German Bonds Fall as China Growth Pares Demand for Safer Assetsby
Worst China GDP since 2009 still beats economists' forecasts
Italy-German spread at 7-month low before Oct. 22 ECB decision
German government bonds fell, paring last week’s rally, after Chinese growth beat analysts’ forecasts last quarter, even though it was the worst result for the world’s No. 2 economy in six years.
Investors are just relieved the data, released Monday, “aren’t worse,” said Orlando Green, a fixed-income analyst at Credit Agricole SA’s corporate and investment-banking unit in London. The positive surprise reduced demand for the safety of fixed income and boosted European stocks.
The yield on Germany’s 10-year bund, the euro region’s benchmark government security, rose two basis points, or 0.02 percentage point, to 0.57 percent as of 4:48 p.m. in London, after sliding seven basis points last week. The 1 percent security due August 2025 dropped 0.18, or 1.8 euros per 1,000-euro ($1,132) face amount, to 104.13.
The extra yield paid by Italy’s 10-year bonds over their German peers shrank three basis points to 1.03 percentage points, the least since just after the ECB started its quantitative-easing program in March.
“If you look at stock and bond markets, there’s a moderate risk-on tone at the moment,” said Green. “Chinese growth wasn’t as low as some were expecting. Markets are almost relieved.”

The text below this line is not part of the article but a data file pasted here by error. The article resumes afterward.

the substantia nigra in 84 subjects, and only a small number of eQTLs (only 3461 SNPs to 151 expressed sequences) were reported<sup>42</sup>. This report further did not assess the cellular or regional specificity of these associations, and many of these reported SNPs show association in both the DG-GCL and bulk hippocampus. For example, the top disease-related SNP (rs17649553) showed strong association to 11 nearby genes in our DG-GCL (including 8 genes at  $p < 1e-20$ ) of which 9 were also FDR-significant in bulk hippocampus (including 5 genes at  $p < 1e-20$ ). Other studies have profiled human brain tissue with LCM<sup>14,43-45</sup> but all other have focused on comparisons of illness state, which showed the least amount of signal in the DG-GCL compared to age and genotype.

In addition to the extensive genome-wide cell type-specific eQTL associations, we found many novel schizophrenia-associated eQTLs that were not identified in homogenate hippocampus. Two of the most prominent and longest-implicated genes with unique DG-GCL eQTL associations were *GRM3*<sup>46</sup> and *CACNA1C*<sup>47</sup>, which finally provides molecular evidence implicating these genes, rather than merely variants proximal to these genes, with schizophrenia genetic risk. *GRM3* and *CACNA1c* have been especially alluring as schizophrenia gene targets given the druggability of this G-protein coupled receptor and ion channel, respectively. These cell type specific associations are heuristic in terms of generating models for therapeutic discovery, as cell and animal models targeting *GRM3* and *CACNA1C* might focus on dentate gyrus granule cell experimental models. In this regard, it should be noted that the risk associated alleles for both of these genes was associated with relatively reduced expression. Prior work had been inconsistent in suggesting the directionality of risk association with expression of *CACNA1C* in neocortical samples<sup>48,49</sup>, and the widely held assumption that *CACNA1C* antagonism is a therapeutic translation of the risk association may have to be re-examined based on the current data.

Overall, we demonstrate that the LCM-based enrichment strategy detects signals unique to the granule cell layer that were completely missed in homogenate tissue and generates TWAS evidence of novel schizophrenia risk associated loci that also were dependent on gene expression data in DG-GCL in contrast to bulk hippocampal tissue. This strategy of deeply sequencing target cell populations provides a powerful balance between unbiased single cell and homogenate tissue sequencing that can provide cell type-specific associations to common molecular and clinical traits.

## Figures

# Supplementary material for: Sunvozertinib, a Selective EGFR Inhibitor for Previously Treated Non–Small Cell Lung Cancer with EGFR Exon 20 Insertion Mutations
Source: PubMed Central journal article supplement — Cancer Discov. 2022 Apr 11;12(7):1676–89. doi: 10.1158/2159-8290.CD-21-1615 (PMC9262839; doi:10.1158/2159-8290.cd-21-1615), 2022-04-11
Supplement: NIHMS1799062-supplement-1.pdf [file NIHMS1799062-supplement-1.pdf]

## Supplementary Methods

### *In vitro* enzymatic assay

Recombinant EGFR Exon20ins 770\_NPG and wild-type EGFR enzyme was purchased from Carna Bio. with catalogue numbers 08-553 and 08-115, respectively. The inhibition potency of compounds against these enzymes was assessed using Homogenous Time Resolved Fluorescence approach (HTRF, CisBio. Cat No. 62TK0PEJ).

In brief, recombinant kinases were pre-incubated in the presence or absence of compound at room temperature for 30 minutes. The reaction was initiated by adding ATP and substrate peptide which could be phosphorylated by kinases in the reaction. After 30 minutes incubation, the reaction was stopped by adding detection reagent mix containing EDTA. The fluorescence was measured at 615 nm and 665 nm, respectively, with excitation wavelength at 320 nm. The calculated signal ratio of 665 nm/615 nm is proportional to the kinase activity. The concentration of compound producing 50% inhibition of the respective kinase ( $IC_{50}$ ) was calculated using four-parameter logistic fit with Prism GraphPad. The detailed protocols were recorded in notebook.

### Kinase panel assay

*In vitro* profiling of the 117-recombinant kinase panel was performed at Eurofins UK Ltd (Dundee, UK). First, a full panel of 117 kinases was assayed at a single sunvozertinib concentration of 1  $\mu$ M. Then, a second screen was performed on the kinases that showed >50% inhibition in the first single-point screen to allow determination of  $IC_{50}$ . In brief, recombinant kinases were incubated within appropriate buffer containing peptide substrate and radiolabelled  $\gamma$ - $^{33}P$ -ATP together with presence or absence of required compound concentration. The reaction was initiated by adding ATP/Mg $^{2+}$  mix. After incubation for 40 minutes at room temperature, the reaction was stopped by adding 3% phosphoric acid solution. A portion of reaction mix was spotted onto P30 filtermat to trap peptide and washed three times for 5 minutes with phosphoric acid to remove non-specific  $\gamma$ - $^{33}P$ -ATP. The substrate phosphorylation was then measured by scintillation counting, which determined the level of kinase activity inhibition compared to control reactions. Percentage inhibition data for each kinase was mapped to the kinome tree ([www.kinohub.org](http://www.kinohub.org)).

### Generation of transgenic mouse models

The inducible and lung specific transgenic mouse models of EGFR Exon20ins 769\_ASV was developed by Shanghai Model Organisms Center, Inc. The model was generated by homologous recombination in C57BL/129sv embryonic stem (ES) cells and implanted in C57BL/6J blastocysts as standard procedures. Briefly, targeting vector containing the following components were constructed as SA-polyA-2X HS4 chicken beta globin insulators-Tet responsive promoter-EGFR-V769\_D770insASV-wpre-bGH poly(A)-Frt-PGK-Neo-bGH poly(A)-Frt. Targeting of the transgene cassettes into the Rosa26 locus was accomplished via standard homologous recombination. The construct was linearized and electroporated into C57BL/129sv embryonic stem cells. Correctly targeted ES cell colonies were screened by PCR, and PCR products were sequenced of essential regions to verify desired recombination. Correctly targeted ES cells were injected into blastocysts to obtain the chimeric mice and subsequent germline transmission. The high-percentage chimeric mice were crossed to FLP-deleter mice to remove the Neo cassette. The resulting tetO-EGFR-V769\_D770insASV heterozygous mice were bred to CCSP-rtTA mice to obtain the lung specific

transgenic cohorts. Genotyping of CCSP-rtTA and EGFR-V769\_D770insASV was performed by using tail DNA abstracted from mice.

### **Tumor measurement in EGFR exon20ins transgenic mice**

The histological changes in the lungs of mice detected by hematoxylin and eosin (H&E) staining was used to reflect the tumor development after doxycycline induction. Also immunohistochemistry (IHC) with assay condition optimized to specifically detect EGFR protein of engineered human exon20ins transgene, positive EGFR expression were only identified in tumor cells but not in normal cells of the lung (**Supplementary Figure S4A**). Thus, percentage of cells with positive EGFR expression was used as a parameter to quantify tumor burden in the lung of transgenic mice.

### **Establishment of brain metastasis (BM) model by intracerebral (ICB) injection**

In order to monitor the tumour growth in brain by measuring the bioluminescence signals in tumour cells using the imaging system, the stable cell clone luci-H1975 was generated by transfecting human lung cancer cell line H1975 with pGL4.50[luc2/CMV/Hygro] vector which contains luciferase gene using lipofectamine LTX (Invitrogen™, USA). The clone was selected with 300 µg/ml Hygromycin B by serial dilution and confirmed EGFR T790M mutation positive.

China’s gross domestic product expanded 6.9 percent in the three months through September from a year earlier, beating economists’ estimates for 6.8 percent, as a stronger services sector and robust consumption helped offset weakness in manufacturing and exports. That was still the slowest growth since the first quarter of 2009.
Yields on bonds from the euro-zone’s peripheral nations of Spain and Italy have fallen toward German securities amid speculation the ECB will expand its 1.1 trillion-euro quantitative-easing program. Investors will be watching the bank’s Oct. 22 policy decision to see whether ECB President Mario Draghi will maintain the dovish stance he’s taken in recent speeches.
“We see more spread tightening,” said Luca Cazzulani, senior fixed-income strategist at UniCredit SpA in Milan. For the Italy-Germany spread, “we have a target of below 100 basis points by the end of this year.”
While Draghi is unlikely to spring any surprises this week, “he will sound dovish, in the sense that he will keep suggesting the ECB will do more if needed,” Cazzulani said.